Control of Muscle Fibro-Adipogenic Progenitors by Myogenic Lineage is Altered in Aging and Duchenne Muscular Dystrophy


Claudine Moratala,b    Nicole Arrighia    Claude A. Dechesnea    Christian Dania


aUniversité Côte d’Azur, CNRS, Inserm, iBV, Nice, France, bUniversité Côte d’Azur, Inserm, C3M, Nice, France





Key Words

Adipocytes • Myofibroblasts • Muscle progenitors • Myopathies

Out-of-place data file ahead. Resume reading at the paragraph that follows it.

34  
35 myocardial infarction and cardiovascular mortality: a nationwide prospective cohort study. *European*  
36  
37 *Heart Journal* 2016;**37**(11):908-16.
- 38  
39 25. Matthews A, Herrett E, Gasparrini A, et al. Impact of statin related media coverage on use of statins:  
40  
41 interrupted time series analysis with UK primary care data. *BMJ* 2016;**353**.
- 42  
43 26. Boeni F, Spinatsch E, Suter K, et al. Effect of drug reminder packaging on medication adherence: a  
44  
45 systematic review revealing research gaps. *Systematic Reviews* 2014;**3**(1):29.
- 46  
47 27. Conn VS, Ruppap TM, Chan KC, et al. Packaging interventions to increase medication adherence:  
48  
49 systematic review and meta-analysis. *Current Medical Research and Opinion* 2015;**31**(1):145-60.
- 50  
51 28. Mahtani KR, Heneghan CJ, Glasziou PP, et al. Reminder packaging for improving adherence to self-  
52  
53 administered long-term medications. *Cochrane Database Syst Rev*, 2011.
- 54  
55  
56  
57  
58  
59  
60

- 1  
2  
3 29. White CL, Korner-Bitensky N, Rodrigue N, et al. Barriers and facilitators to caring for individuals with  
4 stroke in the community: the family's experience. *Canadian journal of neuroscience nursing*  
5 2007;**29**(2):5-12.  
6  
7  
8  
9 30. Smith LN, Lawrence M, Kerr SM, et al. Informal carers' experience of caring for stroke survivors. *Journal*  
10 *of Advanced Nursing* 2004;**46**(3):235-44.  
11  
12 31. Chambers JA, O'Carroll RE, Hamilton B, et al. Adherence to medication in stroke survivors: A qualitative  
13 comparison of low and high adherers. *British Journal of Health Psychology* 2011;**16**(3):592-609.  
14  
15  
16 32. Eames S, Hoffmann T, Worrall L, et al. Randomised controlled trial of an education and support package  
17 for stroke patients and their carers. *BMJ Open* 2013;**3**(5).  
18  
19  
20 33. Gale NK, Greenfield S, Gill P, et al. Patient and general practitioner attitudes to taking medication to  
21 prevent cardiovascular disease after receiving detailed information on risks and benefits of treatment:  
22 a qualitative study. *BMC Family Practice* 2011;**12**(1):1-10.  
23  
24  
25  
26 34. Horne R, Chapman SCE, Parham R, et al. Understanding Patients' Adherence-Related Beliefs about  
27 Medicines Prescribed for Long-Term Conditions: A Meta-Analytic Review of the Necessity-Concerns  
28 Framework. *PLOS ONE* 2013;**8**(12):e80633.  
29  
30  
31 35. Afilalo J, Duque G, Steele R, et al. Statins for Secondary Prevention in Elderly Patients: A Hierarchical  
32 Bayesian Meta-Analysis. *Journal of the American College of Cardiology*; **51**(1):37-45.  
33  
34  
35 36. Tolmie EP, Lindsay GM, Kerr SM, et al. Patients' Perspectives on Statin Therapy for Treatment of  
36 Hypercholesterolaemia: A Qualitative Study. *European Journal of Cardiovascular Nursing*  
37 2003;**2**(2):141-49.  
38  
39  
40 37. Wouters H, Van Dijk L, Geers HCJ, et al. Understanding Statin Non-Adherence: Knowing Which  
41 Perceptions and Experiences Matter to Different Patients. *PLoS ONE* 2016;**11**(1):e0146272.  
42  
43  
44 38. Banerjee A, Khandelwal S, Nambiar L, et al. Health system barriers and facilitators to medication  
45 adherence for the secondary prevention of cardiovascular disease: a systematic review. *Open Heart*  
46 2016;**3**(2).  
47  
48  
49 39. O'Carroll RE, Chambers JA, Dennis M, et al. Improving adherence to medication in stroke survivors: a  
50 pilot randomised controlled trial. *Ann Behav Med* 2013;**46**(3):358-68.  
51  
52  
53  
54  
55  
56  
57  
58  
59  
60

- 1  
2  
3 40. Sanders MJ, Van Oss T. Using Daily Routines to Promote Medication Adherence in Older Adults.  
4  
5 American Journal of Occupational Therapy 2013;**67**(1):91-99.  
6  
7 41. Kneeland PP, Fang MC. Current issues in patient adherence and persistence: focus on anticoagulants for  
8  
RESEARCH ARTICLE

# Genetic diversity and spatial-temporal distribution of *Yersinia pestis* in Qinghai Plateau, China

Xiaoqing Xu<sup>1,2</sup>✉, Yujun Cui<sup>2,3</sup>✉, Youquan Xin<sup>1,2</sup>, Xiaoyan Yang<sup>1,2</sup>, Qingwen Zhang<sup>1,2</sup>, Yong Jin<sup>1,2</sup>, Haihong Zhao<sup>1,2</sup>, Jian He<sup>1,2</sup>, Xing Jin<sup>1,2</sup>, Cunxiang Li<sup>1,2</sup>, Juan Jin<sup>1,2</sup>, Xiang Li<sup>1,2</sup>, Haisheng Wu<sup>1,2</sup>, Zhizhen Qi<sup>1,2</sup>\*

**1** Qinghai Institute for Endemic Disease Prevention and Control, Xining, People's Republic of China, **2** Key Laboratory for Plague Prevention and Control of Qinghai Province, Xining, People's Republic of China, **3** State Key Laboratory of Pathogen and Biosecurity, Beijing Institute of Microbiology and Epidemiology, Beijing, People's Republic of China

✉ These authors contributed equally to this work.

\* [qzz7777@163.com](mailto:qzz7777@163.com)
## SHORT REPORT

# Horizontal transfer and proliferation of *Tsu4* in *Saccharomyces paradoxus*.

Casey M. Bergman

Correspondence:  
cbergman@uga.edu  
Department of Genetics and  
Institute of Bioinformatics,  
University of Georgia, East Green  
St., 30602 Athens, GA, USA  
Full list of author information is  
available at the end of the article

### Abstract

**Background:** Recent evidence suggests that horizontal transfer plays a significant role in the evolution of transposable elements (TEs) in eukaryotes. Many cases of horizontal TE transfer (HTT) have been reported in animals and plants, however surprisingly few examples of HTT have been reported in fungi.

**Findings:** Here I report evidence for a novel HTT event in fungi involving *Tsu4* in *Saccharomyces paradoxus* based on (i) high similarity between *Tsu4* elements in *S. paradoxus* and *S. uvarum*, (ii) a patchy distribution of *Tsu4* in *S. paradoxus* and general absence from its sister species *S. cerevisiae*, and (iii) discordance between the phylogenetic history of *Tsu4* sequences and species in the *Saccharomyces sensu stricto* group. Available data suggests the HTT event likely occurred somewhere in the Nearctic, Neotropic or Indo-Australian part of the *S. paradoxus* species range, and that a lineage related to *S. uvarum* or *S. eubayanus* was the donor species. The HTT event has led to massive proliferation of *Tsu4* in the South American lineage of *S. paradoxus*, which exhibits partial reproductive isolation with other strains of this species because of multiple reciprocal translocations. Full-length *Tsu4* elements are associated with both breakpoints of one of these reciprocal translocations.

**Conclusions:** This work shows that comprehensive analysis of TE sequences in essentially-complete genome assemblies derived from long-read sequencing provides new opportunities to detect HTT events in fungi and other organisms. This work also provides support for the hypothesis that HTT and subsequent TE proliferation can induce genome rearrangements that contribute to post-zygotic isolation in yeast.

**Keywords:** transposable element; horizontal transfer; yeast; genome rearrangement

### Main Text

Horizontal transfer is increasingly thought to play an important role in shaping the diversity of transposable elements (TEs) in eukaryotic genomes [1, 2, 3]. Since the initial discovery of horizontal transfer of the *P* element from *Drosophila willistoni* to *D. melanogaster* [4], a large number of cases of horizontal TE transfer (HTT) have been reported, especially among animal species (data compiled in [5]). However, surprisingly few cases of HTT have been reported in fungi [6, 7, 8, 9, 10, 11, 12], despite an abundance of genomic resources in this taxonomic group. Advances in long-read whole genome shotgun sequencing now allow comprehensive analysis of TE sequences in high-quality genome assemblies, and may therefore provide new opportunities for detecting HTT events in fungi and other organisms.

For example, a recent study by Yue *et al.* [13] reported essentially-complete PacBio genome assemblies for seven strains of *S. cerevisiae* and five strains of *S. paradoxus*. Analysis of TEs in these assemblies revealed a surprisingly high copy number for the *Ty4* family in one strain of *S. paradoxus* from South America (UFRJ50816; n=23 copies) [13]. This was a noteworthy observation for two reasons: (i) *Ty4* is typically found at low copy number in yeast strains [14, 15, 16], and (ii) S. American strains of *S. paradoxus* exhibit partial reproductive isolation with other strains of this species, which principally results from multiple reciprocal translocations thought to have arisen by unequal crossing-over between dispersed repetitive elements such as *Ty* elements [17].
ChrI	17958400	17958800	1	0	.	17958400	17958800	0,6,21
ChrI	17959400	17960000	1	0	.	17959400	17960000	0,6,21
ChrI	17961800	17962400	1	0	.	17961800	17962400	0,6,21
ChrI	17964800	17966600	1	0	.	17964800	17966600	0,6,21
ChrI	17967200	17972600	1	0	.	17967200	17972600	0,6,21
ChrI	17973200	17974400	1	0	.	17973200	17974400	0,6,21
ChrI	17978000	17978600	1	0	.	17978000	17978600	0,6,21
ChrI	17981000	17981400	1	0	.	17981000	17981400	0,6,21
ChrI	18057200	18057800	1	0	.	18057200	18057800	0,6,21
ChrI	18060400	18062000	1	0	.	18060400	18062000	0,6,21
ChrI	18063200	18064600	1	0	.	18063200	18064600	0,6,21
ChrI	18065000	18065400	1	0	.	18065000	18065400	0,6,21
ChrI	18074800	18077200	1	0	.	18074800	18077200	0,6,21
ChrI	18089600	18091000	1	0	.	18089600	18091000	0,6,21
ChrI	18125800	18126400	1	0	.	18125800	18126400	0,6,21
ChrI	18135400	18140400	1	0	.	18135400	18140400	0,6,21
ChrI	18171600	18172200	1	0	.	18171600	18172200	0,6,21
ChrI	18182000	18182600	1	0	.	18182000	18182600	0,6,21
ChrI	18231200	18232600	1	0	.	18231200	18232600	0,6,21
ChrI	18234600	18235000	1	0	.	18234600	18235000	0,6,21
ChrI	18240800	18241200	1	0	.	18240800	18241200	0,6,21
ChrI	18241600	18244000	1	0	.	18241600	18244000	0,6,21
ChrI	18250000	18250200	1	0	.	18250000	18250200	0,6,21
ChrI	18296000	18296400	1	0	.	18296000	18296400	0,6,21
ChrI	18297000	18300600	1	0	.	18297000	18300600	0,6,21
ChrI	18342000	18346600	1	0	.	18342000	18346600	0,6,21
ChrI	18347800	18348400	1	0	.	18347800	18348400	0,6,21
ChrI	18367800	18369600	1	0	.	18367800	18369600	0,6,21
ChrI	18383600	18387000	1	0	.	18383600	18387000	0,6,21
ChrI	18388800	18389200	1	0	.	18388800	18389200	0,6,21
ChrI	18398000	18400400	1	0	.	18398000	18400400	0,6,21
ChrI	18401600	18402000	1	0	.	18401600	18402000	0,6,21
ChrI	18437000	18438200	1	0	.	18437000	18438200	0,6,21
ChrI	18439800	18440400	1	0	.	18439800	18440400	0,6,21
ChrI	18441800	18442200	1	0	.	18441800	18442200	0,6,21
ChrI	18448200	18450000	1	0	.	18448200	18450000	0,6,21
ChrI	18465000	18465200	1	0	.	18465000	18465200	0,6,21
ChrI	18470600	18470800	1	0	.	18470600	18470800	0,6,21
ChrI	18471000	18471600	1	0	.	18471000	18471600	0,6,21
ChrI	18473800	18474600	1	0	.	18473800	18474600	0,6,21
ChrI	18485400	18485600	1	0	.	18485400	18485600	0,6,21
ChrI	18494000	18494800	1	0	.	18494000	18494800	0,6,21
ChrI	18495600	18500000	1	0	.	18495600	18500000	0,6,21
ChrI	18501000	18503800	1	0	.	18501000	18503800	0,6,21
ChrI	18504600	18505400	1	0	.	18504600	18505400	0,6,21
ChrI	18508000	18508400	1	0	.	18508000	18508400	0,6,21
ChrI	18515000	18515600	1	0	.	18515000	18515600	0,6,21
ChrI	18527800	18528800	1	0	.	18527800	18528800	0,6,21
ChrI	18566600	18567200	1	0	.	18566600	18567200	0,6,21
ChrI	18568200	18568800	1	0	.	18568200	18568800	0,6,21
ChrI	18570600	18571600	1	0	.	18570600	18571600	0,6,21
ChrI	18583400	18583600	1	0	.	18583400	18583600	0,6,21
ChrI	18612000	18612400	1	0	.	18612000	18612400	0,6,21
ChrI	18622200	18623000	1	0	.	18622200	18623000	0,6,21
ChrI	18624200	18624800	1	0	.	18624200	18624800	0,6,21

Background/Aims: Fibro-adipogenic progenitors (FAPs), a muscle-resident stem cell population, have recently emerged as important actors of muscle regeneration by interacting with myogenic progenitors (MPs) to promote the formation of new muscle fibers. However, FAPs are also considered as main contributors of intramuscular fibrotic and fat depositions, resulting in a poor quality of muscles and a defective regeneration in aging and Duchenne Muscular Dystrophy disease (DMD). Therefore, the understanding of the control of FAP fate is an important aspect of muscle repair and homeostasis, but little is known in humans. We wondered the extent to which human FAP proliferation, adipogenesis and fibrogenesis can be regulated by human myogenic progenitors (MPs) in physiological and pathological contexts. Methods: FAPs and MPs were isolated from skeletal muscles of healthy young or old donors and DMD patients. FAP/MP contact co-cultures and conditioned-media from undifferentiated MPs or differentiated myotubes were assessed on both proliferation and fibro-adipogenic differentiation of FAPs. Results: We showed that soluble molecules released by MPs activate the phosphoinositide 3-kinase (PI3Kinase)/Akt pathway in FAPs, resulting in the stimulation of FAP proliferation. FAP differentiation was regulated by MP-derived myotubes through the secretion of pro-fibrogenic factors and anti-adipogenic factors. Importantly, the regulation of FAP adipogenic and fibrogenic fates by myotubes was found to be mediated by Smad2 phosphorylation and the gene expression of glioma-associated oncogene homolog 1 (GLI1). Surprisingly, the regulations of proliferation and differentiation were disrupted for FAPs and MPs derived from aged individuals and patients with DMD. Conclusion: Our results highlight a novel crosstalk between FAPs and the myogenic lineage in humans that could be crucial in the formation of adipocyte and myofibroblast accumulation in dystrophic and aged skeletal muscle.